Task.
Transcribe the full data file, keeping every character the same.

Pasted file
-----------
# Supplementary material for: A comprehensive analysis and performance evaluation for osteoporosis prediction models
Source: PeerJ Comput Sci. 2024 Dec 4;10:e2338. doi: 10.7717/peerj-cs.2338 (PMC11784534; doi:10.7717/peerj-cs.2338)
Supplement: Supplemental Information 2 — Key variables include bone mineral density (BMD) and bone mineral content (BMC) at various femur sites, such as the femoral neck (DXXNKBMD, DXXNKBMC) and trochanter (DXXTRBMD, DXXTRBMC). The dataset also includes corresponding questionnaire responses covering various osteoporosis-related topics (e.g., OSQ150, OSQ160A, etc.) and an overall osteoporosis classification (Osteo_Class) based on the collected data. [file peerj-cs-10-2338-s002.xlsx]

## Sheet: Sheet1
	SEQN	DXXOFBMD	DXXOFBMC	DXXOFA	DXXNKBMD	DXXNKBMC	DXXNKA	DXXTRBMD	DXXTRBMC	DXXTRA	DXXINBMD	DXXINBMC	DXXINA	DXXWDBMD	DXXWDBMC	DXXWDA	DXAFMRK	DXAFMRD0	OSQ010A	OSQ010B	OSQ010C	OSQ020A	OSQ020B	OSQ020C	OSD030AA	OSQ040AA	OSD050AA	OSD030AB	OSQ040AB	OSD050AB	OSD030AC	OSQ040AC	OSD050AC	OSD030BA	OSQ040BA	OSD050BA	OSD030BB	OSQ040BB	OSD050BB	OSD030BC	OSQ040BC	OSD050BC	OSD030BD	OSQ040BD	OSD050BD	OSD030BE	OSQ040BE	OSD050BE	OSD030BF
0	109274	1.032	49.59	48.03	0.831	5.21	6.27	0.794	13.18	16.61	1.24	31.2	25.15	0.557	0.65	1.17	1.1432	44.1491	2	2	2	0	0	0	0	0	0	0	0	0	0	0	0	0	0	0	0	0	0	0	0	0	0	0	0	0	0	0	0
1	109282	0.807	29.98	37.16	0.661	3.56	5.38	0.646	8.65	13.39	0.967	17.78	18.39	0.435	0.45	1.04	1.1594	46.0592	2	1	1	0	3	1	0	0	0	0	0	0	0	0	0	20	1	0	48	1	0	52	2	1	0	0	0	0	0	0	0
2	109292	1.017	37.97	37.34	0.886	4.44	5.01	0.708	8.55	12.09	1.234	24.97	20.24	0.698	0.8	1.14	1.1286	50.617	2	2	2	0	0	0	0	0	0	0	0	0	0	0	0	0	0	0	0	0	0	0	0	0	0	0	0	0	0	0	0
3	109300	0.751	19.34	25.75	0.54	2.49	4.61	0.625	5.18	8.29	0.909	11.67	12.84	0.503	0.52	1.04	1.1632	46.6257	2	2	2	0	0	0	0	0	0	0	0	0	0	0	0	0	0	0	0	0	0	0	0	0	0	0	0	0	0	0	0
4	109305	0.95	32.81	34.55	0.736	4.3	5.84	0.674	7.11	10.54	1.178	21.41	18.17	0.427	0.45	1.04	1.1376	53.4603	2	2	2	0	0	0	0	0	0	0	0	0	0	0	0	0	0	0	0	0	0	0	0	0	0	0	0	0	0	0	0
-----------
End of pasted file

# Supplementary material for: A comprehensive analysis and performance evaluation for osteoporosis prediction models
Source: PeerJ Comput Sci. 2024 Dec 4;10:e2338. doi: 10.7717/peerj-cs.2338 (PMC11784534; doi:10.7717/peerj-cs.2338)
Supplement: Supplemental Information 2 — Key variables include bone mineral density (BMD) and bone mineral content (BMC) at various femur sites, such as the femoral neck (DXXNKBMD, DXXNKBMC) and trochanter (DXXTRBMD, DXXTRBMC). The dataset also includes corresponding questionnaire responses covering various osteoporosis-related topics (e.g., OSQ150, OSQ160A, etc.) and an overall osteoporosis classification (Osteo_Class) based on the collected data. [file peerj-cs-10-2338-s002.xlsx]

## Sheet: Sheet1
	SEQN	DXXOFBMD	DXXOFBMC	DXXOFA	DXXNKBMD	DXXNKBMC	DXXNKA	DXXTRBMD	DXXTRBMC	DXXTRA	DXXINBMD	DXXINBMC	DXXINA	DXXWDBMD	DXXWDBMC	DXXWDA	DXAFMRK	DXAFMRD0	OSQ010A	OSQ010B	OSQ010C	OSQ020A	OSQ020B	OSQ020C	OSD030AA	OSQ040AA	OSD050AA	OSD030AB	OSQ040AB	OSD050AB	OSD030AC	OSQ040AC	OSD050AC	OSD030BA	OSQ040BA	OSD050BA	OSD030BB	OSQ040BB	OSD050BB	OSD030BC	OSQ040BC	OSD050BC	OSD030BD	OSQ040BD	OSD050BD	OSD030BE	OSQ040BE	OSD050BE	OSD030BF
0	109274	1.032	49.59	48.03	0.831	5.21	6.27	0.794	13.18	16.61	1.24	31.2	25.15	0.557	0.65	1.17	1.1432	44.1491	2	2	2	0	0	0	0	0	0	0	0	0	0	0	0	0	0	0	0	0	0	0	0	0	0	0	0	0	0	0	0
1	109282	0.807	29.98	37.16	0.661	3.56	5.38	0.646	8.65	13.39	0.967	17.78	18.39	0.435	0.45	1.04	1.1594	46.0592	2	1	1	0	3	1	0	0	0	0	0	0	0	0	0	20	1	0	48	1	0	52	2	1	0	0	0	0	0	0	0
2	109292	1.017	37.97	37.34	0.886	4.44	5.01	0.708	8.55	12.09	1.234	24.97	20.24	0.698	0.8	1.14	1.1286	50.617	2	2	2	0	0	0	0	0	0	0	0	0	0	0	0	0	0	0	0	0	0	0	0	0	0	0	0	0	0	0	0
3	109300	0.751	19.34	25.75	0.54	2.49	4.61	0.625	5.18	8.29	0.909	11.67	12.84	0.503	0.52	1.04	1.1632	46.6257	2	2	2	0	0	0	0	0	0	0	0	0	0	0	0	0	0	0	0	0	0	0	0	0	0	0	0	0	0	0	0
4	109305	0.95	32.81	34.55	0.736	4.3	5.84	0.674	7.11	10.54	1.178	21.41	18.17	0.427	0.45	1.04	1.1376	53.4603	2	2	2	0	0	0	0	0	0	0	0	0	0	0	0	0	0	0	0	0	0	0	0	0	0	0	0	0	0	0	0